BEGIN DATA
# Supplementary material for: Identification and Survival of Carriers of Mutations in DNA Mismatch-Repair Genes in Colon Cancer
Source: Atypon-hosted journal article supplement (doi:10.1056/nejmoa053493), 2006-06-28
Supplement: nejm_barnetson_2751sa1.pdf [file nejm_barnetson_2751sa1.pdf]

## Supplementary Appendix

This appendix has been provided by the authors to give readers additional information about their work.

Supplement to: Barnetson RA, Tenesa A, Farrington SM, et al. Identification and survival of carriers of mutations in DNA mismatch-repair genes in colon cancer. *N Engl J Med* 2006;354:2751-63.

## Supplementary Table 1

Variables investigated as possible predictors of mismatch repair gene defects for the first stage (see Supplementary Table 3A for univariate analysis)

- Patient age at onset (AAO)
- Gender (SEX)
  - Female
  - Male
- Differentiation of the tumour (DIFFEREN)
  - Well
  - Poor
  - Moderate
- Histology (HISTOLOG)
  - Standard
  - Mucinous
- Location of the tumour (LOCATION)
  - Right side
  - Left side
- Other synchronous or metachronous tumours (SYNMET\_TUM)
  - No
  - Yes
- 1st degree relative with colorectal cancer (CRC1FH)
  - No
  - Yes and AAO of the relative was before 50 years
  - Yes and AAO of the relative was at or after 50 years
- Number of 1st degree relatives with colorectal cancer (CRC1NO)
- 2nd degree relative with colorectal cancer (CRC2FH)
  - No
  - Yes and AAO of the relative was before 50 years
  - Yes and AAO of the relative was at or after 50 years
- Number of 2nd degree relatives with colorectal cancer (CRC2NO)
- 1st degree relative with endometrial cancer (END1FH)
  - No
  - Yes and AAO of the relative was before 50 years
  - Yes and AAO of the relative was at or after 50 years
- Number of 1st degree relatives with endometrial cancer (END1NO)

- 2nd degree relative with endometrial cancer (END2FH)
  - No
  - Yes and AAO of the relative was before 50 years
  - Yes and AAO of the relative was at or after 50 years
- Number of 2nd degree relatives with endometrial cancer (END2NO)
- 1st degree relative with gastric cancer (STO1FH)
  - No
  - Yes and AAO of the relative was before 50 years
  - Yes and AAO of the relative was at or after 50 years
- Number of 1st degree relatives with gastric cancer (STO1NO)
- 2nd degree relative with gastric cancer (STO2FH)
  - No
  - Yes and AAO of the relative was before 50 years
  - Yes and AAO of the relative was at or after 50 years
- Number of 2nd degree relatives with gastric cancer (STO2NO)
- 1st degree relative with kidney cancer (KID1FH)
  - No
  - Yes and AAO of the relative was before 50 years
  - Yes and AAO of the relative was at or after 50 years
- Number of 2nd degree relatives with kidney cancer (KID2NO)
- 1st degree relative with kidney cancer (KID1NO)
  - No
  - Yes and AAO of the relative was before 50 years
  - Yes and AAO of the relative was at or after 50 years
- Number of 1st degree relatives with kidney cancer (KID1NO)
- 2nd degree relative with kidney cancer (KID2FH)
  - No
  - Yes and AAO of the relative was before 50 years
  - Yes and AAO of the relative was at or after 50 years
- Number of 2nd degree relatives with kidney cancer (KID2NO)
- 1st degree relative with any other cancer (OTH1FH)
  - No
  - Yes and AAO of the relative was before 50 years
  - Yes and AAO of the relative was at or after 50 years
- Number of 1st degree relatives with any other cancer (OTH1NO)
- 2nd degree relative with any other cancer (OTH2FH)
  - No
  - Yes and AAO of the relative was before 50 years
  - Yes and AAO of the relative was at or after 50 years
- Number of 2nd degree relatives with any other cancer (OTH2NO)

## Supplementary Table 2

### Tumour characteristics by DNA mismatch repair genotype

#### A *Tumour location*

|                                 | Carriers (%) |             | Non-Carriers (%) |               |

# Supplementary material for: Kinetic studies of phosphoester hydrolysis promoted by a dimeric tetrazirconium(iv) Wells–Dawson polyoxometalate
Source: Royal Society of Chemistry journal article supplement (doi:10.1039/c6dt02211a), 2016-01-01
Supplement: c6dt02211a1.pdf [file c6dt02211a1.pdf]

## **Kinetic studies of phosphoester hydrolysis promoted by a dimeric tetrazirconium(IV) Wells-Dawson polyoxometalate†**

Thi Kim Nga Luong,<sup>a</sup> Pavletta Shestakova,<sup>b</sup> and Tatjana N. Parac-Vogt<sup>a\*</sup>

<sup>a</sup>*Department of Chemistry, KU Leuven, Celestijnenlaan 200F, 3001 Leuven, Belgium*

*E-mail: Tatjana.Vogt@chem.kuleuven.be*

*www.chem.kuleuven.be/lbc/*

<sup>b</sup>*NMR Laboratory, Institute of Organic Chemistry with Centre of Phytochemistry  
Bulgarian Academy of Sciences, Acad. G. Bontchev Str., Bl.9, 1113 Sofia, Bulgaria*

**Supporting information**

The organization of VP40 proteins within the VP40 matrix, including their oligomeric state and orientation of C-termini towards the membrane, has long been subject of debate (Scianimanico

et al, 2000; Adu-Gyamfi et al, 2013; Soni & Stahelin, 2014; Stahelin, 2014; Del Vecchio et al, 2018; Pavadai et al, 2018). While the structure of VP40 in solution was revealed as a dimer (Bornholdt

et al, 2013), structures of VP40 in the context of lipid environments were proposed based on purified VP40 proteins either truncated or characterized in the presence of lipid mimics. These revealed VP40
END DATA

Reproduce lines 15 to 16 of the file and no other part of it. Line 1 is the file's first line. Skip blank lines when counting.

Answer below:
  - Poor
  - Moderate